television. Other variables included into this category are type
of toilet facility (whether the household uses improved or
nonimproved type of toilet) and sources of drinking water.
Maternal Reproductive and Obstetric Variables. Attributable
to the nature of the study and availability of evidence by a
wide range of literatures, a number of variables are included
into this category as compared to the other two. Accordingly,
pregnancy trimester, number of births in the last five years
and last year, whether the current pregnancy is wanted or
not, history of abortion (pregnancy termination), practice of
breastfeeding, timing of first ANC visit, and number of ANC
visits are all included.

Anemia

Table 1: Sociodemographic characteristics of pregnant mothers and their association with anemia during pregnancy in Ethiopia, EDHS 2011.
Sociodemographic characteristic
(1) Age
1519
2024
2529
3034
3539
4044
4549
(2) Residence
Urban
Rural
(3) Region
Tigray
Afar
Amhara
Oromia
Somali
Ben.-Gumuz
SNNPR
Gambella
Hareri
Addis Ababa
Dire Dawa
(4) Maternal educ. status
No education
Primary educ.
Sec. education
Higher educ.
(5) Maternal literacy level
Cannot read/write
Partially read and write
Fully read and write

Anemic (#)/(%)

Nonanemic (#)/(%)

Crude OR (95% CI)

Adjusted OR (95% CI)

5 (12.5)
45 (19.1)
110 (23.7)
67 (27.1)
29 (20.1)
12 (30)
2 (25)

35 (87.5)
190 (80.9)
355 (76.3)
180 (72.9)
110 (79.1)
28 (70)
6 (75)

1
1.64 (0.61, 4.38)
2.13 (0.82, 5.53)
2.56 (0.97, 6.75)
1.79 (0.65, 4.96)
3.07 (0.98, 9.64)
1.82 (0.24, 13.70)

1
1.57 (0.57, 4.35)
2.35 (0.87, 6.35)
2.65 (0.97, 7.260)
2.04 (0.71, 5.85)
3.43 (1.04, 11.28)
1.36 (0.15, 11.89)

25 (26.9)
245 (22.7)

68 (73.1)
836 (77.3)

1
0.77 (0.48, 1.25)

1
0.80 (0.43, 1.48)

16 (21.6)
7 (38.9)
49 (31.2)
129 (23.5)
29 (51.8)
5 (27.8)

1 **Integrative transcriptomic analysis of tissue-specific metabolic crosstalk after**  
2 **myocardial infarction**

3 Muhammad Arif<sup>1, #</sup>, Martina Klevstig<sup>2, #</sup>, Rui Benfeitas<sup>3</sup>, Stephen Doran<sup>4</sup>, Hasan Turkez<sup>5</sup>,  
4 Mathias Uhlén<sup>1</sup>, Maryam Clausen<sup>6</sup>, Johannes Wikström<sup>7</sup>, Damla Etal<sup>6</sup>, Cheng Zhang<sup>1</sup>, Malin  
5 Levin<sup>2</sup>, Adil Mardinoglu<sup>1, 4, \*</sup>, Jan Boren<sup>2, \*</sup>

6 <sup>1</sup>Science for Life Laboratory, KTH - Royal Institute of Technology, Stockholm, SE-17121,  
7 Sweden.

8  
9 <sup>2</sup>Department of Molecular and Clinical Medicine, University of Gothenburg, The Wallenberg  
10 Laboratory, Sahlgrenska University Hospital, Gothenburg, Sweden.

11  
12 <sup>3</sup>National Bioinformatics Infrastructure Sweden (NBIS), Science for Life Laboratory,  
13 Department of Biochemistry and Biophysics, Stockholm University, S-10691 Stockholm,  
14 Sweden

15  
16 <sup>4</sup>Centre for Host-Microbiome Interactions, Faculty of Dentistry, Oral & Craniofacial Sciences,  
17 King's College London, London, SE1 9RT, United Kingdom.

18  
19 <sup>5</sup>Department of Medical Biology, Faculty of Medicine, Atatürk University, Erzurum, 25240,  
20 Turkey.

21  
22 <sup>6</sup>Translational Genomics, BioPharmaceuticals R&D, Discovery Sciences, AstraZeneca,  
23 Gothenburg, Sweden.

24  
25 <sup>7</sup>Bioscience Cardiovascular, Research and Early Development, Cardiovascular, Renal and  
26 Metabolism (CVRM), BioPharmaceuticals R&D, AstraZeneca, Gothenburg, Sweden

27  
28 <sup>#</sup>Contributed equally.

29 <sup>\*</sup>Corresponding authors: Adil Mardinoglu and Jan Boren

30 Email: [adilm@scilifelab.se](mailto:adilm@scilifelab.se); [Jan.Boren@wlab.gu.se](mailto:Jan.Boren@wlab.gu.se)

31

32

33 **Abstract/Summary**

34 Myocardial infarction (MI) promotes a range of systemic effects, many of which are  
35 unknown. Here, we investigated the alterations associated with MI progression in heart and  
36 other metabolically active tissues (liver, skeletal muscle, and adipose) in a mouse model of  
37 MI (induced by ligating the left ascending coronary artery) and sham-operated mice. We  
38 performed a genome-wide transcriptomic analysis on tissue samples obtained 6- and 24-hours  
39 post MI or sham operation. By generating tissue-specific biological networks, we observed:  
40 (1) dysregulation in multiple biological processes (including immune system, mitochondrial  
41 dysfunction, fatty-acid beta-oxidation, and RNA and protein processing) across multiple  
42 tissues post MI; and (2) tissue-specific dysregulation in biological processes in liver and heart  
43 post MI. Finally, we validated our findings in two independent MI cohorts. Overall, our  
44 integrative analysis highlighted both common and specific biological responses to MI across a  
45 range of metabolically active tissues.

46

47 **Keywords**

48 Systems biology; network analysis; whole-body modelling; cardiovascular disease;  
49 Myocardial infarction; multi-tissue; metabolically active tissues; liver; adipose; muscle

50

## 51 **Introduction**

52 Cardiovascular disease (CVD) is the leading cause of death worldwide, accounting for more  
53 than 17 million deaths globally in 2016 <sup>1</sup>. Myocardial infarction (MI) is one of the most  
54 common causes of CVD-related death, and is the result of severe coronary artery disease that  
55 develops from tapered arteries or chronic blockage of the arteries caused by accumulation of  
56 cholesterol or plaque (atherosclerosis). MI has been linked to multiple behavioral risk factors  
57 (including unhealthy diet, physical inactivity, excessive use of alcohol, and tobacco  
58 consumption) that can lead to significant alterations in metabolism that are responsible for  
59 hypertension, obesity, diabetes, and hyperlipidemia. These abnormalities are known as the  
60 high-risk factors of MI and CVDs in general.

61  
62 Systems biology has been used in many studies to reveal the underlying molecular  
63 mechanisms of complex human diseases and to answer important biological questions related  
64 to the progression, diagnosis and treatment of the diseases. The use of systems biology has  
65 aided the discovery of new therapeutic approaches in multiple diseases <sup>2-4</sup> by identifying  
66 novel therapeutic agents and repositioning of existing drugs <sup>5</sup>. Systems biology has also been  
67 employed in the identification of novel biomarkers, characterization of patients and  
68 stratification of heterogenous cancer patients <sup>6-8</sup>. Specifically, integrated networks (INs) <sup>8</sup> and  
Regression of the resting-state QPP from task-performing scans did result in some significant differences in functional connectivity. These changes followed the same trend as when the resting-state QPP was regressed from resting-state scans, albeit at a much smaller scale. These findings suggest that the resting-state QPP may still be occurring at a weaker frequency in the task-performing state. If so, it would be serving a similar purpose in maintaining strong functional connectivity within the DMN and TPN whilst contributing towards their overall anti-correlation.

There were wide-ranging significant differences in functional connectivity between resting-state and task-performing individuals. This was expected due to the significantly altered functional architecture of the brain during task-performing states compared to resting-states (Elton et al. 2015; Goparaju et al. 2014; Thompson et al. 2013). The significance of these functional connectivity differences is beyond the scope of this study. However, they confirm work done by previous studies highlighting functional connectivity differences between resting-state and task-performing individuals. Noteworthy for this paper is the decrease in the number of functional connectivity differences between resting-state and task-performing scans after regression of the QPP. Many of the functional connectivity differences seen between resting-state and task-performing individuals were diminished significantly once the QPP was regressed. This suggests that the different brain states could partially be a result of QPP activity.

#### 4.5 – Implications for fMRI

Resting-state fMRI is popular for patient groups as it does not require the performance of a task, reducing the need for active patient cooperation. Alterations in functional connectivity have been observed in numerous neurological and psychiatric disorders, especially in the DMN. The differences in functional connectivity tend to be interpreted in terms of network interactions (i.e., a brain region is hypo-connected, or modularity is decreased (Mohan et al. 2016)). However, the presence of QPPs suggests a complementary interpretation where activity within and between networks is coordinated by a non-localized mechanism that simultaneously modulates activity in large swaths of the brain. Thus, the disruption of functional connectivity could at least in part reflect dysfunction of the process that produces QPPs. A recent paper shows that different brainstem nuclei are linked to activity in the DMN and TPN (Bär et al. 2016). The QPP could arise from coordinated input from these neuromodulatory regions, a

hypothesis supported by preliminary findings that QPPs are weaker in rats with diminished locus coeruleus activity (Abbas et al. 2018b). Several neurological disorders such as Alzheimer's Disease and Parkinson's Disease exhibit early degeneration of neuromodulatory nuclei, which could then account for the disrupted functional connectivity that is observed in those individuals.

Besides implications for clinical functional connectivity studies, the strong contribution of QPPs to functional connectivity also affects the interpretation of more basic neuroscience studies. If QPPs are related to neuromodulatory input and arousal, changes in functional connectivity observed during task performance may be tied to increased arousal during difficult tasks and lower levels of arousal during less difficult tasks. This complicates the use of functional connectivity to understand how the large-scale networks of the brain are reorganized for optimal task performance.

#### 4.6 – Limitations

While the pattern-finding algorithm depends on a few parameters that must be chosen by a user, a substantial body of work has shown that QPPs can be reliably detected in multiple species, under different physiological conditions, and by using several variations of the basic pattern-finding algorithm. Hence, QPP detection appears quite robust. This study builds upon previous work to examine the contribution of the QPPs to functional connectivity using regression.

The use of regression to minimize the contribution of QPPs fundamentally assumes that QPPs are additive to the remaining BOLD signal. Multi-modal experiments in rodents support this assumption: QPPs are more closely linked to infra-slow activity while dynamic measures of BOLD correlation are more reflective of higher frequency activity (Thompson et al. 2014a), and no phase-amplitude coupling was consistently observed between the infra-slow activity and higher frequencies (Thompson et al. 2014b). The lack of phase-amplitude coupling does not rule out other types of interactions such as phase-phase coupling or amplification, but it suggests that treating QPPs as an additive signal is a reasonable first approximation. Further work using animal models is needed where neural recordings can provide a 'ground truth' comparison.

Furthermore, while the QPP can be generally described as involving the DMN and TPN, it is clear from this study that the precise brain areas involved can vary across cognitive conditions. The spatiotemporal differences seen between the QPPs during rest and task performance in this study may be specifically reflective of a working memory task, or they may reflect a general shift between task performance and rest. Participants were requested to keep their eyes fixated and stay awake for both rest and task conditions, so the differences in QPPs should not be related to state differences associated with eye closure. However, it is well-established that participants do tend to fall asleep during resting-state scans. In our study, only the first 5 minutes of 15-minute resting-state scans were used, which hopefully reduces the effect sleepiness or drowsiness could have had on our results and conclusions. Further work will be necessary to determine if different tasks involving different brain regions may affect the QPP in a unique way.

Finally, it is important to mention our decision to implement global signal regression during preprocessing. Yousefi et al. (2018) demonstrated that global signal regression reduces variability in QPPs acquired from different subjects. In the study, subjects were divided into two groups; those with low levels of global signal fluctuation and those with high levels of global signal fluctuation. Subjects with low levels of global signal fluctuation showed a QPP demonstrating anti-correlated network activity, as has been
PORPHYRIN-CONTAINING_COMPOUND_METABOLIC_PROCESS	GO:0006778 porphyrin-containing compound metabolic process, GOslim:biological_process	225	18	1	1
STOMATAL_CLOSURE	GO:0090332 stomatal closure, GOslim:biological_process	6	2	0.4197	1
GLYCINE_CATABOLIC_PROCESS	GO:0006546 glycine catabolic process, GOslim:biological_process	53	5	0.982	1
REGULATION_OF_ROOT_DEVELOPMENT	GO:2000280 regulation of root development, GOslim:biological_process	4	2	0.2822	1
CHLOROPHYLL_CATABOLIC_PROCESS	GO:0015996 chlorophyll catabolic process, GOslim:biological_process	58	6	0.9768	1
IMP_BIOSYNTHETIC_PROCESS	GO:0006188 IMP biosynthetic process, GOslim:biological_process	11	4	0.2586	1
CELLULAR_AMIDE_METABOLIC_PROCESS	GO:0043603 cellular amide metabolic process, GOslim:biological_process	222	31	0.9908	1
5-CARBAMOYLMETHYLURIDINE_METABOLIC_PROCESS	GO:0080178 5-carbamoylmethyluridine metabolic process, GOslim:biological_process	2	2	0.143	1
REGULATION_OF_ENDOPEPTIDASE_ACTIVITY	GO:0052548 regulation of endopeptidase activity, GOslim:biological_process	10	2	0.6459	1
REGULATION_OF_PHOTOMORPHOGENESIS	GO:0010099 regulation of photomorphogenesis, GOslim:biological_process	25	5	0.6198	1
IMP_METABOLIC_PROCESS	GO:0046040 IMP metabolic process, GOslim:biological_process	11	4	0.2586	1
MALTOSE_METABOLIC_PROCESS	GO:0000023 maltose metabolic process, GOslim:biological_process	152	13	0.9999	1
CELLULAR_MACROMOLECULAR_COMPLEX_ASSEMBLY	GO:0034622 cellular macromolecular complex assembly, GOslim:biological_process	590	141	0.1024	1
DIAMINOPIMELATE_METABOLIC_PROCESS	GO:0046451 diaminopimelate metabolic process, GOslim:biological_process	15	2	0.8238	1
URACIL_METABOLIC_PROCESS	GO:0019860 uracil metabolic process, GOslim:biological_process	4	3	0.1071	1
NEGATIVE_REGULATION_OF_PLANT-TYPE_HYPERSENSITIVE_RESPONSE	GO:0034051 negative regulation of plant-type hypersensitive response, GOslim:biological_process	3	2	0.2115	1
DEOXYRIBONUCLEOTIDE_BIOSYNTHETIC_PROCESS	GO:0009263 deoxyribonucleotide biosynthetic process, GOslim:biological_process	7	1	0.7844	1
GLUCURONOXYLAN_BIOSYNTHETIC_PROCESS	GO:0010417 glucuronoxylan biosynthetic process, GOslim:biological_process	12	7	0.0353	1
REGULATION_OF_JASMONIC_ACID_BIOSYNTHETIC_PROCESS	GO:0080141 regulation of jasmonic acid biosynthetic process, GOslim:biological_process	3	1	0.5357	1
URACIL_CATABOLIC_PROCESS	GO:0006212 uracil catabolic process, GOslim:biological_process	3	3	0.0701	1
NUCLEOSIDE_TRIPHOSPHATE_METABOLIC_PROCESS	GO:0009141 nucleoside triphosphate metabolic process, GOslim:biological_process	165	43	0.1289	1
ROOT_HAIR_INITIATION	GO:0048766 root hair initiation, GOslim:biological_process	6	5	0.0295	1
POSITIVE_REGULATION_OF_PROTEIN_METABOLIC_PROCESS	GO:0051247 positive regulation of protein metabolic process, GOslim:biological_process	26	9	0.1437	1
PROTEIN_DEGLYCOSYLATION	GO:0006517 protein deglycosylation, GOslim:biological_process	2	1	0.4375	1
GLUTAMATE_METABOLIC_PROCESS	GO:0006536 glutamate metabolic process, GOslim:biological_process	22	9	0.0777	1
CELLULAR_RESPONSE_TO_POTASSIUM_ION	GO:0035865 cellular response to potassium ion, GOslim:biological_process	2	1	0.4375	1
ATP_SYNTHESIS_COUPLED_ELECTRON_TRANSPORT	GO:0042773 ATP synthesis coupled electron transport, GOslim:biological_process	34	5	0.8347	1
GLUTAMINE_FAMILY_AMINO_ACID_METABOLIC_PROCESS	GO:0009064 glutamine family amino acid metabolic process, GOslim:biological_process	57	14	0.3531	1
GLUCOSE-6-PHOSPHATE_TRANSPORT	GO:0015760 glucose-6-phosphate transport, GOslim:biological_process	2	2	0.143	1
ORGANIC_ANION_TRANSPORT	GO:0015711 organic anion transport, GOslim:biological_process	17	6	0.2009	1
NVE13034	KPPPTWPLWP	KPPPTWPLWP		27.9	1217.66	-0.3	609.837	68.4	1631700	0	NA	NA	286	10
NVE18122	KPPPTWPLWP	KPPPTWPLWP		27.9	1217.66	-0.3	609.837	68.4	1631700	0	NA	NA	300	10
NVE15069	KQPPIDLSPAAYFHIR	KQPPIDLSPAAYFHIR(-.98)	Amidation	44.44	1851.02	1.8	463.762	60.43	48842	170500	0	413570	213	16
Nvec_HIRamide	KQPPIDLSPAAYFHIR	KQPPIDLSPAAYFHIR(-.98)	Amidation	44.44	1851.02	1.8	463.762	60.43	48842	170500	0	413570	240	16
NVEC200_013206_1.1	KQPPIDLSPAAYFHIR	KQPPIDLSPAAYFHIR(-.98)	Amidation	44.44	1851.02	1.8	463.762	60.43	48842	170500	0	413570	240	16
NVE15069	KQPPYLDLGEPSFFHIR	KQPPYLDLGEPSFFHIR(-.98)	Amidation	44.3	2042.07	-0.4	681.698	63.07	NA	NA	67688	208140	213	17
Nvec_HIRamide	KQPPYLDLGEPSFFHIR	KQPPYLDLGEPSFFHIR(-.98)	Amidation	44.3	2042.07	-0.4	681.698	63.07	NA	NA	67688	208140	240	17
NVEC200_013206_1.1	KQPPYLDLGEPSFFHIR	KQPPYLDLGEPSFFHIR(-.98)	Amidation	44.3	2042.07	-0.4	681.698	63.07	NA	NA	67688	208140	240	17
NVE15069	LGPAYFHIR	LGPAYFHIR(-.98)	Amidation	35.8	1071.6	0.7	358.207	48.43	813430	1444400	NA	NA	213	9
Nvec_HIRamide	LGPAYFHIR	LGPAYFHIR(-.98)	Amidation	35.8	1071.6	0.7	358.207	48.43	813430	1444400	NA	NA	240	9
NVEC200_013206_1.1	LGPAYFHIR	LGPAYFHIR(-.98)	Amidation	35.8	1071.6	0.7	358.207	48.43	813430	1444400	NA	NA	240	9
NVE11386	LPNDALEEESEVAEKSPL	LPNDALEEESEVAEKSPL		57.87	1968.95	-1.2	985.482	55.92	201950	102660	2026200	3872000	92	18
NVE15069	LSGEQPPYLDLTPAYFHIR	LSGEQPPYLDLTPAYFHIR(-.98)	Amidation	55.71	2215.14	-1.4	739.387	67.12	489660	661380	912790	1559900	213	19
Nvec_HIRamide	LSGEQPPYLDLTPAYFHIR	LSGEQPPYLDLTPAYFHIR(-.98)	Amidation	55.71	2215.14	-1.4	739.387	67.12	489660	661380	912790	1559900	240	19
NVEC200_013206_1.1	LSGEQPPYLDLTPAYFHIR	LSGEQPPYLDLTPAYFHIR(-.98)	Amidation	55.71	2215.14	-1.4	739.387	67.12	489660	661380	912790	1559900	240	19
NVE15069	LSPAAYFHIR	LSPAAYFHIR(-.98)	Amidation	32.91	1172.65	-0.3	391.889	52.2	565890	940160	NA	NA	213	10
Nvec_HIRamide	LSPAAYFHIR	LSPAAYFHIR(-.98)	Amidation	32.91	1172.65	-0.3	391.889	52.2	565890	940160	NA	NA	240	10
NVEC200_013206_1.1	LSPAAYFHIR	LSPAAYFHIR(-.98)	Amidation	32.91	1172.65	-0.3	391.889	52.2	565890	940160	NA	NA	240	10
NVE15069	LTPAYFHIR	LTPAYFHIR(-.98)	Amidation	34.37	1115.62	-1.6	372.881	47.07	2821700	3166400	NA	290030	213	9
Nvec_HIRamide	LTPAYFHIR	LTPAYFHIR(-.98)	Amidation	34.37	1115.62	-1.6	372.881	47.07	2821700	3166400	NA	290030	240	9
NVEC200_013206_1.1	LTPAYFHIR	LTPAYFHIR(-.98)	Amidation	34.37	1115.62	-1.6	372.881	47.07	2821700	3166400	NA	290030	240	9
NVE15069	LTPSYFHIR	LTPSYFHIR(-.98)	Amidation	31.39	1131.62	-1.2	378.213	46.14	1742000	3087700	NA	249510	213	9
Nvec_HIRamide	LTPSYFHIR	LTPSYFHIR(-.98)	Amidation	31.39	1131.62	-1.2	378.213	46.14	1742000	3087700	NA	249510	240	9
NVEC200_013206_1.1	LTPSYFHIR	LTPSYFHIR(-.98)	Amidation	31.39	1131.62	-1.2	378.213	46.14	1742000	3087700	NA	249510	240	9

30 (10.6)
1 (33.3)
1 (33.3)
0 (0)
3 (60)

58 (78.4)
11 (61.1)
108 (68.8)
419 (76.5)
27 (48.2)
13 (72.2)
252 (89.4)
2 (66.7)
2 (66.7)
10 (100)
2 (40)

1
2.23 (0.74, 6.71)
1.64 (0.86, 3.14)
1.11 (0.62, 1.99)
3.93 (1.84, 8.39)
1.47 (0.47, 4.61)
0.44 (0.22, 0.85)
1.79 (0.13, 23.8)
2.10 (0.14, 30.85)

1
2.09 (0.68, 4.40)
1.62 (0.84, 3.14)
1.04 (0.57, 1.89)
3.82 (1.71, 8.52)
1.32 (0.41, 4.25)
0.41 (0.21, 0.82)
1.83 (0.11, 29.43)
2.10 (0.13, 32.89)

4.97 (0.73, 33.64)

4.51 (0.63, 32.28)

206 (25)
60 (18.4)
0 (0)
5 (33.3)

617 (75)
266 (81.6)
11 (100)
10 (67.7)

1
0.67 (0.48, 0.92)
0.08 (0.002, 2.97)
1.31 (0.43, 4.01)

1
0.95 (0.60, 1.51)
0.24 (0.00, 10.82)
3.00 (0.66, 13.68)

226 (23.7)
25 (23.4)
13 (13)

727 (76.3)
82 (76.6)
87 (87)

1
0.99 (0.62, 1.59)
0.49 (0.27, 0.90)

1
1.12 (0.61, 2.04)
0.46 (0.19, 1.11)

Significant at value < 0.05, OR: odds ratio.

2.3. Data Analysis. This study employed a three-stage analysis. In the first stage, univariate and bivariate analyses of the
level (prevalence) of maternal anemia during pregnancy by
the three categories of variables mentioned were calculated
using chi-square, ANOVA, and Students -test.
In the later stage, binary logistic regression analyses of
each variable to determine the crude odds ratio of each
identified variable with maternal anemia were calculated.
After making an appropriate selection of variables having a
strong association with the dependent variable, we moved to
the third stage of analyses of multivariate logistic regression
analyses of all variables found statistically significant. SPSS
version 20 software was used to run all stages of the analyses.
2.4. Data Quality Assessment. The data quality assessment
report highlights its findings on misreporting, omission, and
digit preference, which are common data quality problems
observed in surveys and censuses in developing countries.

Over all, the assessment shows that the problems do not


exist to the extent that might challenge the quality of the
conclusions of this study.

3. Results
A total of 1,212 pregnant women were included into the
initial analyses which is 10.2% of the total women of the
reproductive age group from whom data was collected in
the same survey. The overall prevalence of anemia in this
group was found to be around 23%, varying from 12.4%
milder forms to 9% and 1.6% moderate and severe forms,
respectively (Figure 1 and Table 1).
In terms of maternal age, the lowest (12.5%) and the highest (30%) prevalence of anemia were seen among teenagers
(1519) and older (4045) women, respectively. Women in the
latter group had a 3.43 more added risk of developing anemia
during pregnancy as compared to the reference age group

Anemia

Table 2: Selected household characteristics of pregnant mothers and their association with anemia during pregnancy in Ethiopia, EDHS 2011.
Household characteristic
(1) Presence of electricity in the HH
No
Yes
(2) Presence of radio in the HH
No
Yes
(3) Presence of television in the HH
No
Yes
(4) Access to safe water source
Safe water sources
Unsafe water sources